Single Day Cheese Bread {without a bread maker!}

Whew. How time flies in the summer time!   I have been very busy the last few weeks, everything from camping out under the stars (literally, with no tent), multi hour bike rides, making new foods on a daily basis, a poop load of gardening (literally), re-arranging all the furniture in the house, plus all the work we’ve been doing purging the organizing the house.  Needless to say, by the end of the night I am passing out with exhaustion.

But, I am here today with another instalment of my recipe series, this time my personal Cheese Bread recipe.  This is a favourite with my partner, who begs me to make this every time I make bread now (but I can’t make it every time, otherwise it wouldn’t be as special!). It’s not uncommon for me to make a loaf of this bread and have it disappear by the end of the night, especially if we have friends over.
Plus it is insanely easy to make.  As you are about to find out!

Single Day Cheese Bread {without a bread maker!}


  • 2 Cups Bread Flour
  • 1 Cup Whole-Wheat All Purpose Flour
  • 1 Tbl sp. Kosher Salt* (of course you can use regular table salt, but I added a note on the end about why I use Kosher Salt)
  • 1/4 Tea sp. Instant Yeast (or Bread Maker Yeast)
  • 1 1/2 Cups Luke Warm Water
  • 1/2 Cup – 1 Cup Grated Cheese


  • Large bowl (for making the dough)
  • Spatula (for kneading the dough)
  • Measuring cups or spoons
  • Saran wrap and towel (for rising the dough)
  • Casserole dish with lid (for baking the dough!)
  • Parchment paper

Mix all dry ingredients, don’t worry about mixing the yeast right in! Quick note about bowls: I use a thick ceramic because I’ve found it rises much nicer than in plastic or metal bowls.

Pour in the water, simple and easy.

Put your cheese in after the water, why? I’m not entirely sure but I find that it blends into the dough more evenly this way.  Also, only put in about half of your cheese in this step.

Once the bread is well kneaded (by well kneaded however, I usually do it for about five minutes, which would probably make professional bread makers cry), I add the rest of the cheese, this allows some cheese to be super melted into the loaf and some cheese to turn into delicious gooey bites.

Gently knead the extra cheese into the loaf.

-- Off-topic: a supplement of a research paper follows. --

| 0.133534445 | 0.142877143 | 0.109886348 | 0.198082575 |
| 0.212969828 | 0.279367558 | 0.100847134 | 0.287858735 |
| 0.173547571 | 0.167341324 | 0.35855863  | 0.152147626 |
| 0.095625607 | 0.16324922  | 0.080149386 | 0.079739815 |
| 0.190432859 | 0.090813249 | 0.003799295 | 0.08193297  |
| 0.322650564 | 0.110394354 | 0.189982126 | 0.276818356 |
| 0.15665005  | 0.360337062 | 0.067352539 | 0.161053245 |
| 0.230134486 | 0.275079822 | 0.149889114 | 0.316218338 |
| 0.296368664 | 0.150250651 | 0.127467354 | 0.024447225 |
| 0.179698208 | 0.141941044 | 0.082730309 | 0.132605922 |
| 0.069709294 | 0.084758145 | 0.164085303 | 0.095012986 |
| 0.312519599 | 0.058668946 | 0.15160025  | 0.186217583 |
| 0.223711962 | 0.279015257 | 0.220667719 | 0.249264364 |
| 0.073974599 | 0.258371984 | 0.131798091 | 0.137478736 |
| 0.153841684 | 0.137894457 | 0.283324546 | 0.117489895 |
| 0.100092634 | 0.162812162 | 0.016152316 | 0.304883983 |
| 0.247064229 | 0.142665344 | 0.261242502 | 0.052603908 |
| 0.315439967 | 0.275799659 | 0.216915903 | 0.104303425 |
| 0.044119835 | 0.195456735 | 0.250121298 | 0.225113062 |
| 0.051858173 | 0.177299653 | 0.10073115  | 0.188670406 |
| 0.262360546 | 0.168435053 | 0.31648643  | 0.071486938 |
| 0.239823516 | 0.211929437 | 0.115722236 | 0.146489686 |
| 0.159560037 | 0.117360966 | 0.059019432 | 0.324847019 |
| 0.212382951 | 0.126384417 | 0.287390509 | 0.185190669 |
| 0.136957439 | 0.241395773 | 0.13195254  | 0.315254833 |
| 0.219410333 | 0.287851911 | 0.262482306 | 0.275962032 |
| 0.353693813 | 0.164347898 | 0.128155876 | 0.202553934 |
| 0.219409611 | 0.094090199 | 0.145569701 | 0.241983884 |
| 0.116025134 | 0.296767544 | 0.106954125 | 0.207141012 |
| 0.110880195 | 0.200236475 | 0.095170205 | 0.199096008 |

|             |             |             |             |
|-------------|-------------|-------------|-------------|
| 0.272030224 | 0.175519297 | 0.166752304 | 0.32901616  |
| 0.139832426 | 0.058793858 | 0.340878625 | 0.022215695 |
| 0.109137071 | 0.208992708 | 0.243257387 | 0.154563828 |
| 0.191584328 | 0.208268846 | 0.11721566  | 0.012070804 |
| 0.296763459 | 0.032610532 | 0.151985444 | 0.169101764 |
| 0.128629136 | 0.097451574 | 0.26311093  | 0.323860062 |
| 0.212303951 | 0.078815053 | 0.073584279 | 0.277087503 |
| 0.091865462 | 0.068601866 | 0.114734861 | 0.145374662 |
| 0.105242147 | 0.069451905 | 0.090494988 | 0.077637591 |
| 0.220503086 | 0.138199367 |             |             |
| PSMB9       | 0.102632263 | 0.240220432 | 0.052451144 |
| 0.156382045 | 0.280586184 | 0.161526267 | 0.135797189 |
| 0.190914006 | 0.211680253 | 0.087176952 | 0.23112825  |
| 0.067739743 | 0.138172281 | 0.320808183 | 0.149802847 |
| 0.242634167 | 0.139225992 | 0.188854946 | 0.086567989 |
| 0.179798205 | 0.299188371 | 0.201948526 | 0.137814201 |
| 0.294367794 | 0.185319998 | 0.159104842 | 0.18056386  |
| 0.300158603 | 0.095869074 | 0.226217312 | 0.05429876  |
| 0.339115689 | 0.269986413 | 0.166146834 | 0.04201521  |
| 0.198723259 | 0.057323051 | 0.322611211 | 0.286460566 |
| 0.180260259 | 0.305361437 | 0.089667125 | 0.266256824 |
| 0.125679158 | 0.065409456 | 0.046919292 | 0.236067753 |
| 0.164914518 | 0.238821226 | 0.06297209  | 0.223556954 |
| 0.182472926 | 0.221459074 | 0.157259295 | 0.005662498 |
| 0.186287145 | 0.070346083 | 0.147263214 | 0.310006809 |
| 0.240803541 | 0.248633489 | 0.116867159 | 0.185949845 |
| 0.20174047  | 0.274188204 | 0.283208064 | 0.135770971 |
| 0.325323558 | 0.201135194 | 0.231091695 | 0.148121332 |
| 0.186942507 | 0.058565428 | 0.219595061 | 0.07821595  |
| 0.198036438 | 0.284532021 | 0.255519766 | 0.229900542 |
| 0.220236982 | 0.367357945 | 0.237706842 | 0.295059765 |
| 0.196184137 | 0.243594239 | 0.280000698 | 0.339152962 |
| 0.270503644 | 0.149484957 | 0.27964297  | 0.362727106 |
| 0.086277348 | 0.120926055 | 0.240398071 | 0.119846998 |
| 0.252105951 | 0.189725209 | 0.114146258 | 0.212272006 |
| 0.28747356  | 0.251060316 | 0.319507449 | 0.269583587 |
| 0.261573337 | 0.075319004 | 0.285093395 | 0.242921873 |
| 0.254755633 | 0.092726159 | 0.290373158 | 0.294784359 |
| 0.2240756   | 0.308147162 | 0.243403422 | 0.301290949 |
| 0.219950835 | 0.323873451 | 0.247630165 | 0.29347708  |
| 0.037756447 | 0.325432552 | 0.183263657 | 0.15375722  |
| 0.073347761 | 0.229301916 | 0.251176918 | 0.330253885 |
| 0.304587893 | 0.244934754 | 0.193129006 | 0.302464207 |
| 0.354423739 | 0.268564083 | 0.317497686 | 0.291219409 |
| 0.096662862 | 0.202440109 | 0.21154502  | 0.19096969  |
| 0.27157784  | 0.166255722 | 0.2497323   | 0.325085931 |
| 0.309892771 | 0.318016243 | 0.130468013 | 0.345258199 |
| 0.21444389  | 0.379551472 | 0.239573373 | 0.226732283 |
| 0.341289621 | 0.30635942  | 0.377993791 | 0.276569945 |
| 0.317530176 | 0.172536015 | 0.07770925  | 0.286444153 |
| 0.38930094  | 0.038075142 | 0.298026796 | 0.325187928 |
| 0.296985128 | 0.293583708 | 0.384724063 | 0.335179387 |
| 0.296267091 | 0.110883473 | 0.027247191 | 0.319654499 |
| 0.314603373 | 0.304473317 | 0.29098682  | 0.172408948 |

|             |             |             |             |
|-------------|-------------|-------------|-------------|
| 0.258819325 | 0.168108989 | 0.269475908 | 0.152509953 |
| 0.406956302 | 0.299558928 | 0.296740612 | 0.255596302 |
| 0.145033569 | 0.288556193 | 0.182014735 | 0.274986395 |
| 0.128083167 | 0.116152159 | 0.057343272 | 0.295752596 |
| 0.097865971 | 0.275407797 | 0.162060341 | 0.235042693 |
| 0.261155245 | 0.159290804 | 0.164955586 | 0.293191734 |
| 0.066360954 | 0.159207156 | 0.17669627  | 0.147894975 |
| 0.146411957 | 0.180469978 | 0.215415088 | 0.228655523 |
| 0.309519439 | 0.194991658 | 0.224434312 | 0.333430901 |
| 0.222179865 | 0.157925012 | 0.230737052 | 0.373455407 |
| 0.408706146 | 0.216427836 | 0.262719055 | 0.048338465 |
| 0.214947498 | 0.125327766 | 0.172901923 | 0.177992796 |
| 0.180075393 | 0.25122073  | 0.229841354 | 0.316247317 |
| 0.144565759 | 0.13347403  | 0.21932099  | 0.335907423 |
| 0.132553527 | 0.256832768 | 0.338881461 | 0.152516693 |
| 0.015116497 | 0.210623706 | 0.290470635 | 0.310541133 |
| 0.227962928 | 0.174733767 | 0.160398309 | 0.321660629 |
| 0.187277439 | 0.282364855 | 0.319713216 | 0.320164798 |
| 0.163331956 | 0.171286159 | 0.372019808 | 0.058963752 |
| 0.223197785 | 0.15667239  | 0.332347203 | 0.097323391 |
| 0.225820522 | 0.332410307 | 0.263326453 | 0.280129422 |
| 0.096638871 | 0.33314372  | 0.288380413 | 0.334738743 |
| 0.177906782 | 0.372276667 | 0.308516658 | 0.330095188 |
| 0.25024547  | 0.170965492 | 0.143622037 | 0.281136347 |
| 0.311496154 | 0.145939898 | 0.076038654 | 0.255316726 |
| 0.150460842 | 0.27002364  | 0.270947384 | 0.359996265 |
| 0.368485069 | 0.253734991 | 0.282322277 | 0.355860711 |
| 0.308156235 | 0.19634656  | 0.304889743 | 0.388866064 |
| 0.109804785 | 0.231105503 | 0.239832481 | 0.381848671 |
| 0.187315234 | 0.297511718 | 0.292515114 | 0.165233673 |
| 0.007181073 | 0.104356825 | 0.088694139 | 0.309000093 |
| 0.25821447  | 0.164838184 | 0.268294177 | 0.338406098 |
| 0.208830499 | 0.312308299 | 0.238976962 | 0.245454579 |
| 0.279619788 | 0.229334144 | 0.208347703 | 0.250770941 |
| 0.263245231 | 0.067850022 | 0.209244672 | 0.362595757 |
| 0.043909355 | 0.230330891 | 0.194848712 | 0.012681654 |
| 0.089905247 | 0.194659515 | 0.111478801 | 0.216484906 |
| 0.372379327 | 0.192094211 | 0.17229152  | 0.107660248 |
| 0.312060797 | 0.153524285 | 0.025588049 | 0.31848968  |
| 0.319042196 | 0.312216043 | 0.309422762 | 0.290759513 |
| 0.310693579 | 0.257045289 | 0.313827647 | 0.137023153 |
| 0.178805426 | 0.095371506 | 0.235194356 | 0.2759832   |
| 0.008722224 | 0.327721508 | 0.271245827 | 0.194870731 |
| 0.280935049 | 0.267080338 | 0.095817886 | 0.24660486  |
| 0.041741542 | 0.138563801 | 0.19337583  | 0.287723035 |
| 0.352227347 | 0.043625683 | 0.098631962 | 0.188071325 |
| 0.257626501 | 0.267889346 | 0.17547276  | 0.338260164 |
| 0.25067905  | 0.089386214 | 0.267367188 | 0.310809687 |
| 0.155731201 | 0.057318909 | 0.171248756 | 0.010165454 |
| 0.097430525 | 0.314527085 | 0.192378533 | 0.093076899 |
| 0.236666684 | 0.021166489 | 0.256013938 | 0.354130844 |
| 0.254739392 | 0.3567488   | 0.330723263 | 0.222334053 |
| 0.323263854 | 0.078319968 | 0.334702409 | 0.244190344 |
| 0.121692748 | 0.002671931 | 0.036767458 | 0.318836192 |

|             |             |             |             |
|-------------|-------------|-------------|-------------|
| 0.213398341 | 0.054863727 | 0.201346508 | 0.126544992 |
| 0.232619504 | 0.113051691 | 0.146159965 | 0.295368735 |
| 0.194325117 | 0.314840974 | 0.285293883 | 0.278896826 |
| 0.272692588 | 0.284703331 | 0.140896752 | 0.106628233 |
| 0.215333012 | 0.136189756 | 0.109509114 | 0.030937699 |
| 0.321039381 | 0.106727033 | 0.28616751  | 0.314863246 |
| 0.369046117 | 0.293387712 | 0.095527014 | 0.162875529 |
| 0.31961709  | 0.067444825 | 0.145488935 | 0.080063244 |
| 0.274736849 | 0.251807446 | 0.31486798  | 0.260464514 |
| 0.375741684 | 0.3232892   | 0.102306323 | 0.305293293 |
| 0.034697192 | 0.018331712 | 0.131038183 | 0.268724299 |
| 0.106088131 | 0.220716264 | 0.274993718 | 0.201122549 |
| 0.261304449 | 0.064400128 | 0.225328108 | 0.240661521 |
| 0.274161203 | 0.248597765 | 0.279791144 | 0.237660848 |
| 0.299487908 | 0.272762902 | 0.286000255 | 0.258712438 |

Wrap the dough with plastic wrap, then a towel and put it somewhere where it won’t be disturbed, and preferably somewhere a little warm. I put mine on top of the fridge.

After eight hours or so (sometimes I leave it for more if it’s colder, or if I’m in a rush I’ve even left it for as little as four hours!) the loaf will be a sticky, gooey mess and will have doubled in size.

After you knead the bread again, it’s time for the loaf’s second rising (haha). I try to leave my loaves for a full hour, but sometimes I am impatient and leave it for a little less, but this definitely affects the consistency of the final loaf.

One way to keep patient while you wait for the second rising is to prepare your casserole and oven for baking. I put parchment paper into the casserole dish before pre-heating to make it easier to put the loaf in. Sometimes I sprinkle corn meal on the paper, but that is really just for added texture. Most bread recipes say to pre-heat the casserole dish for 30 minutes before, but I’ve never had any problems with 15 minutes at 420°C.

Bake at 420°C for 30 minutes. Reduce heat to 300°C, take off the lid and bake an additional 15 minutes, or until the top of the loaf is a crunchy golden colour. Then let the loaf cool and enjoy!

Sometimes I do some *additions* to this loaf, such as adding roasted mashed garlic, or other herbs.  Sometimes I sprinkle the top with extra flour before baking to make it a more “farmers loaf” style.  As I mentioned, I also sometimes add corn meal to the bottom too.

If you have any questions, concerns or tips, please let me know in the comments and I would be happy to try to answer them (or thank you for them if they are tips!)


Why Kosher?

The main reason why I use Kosher over regular salt is simply because Kosher salt doesn’t include additives.  These additives tend to be anti-caking agents, which changes both the taste and texture of the final bread.  Plus, because I don’t grind down the Kosher salt, so I’ve noticed that we use less salt overall.  Of course, the biggest difference between table salt and Kosher is that there is no Iodine in Kosher salt, but whether or not that affects bread making is a big debate that honestly I know nothing about!


Thanks for reading, until next time.



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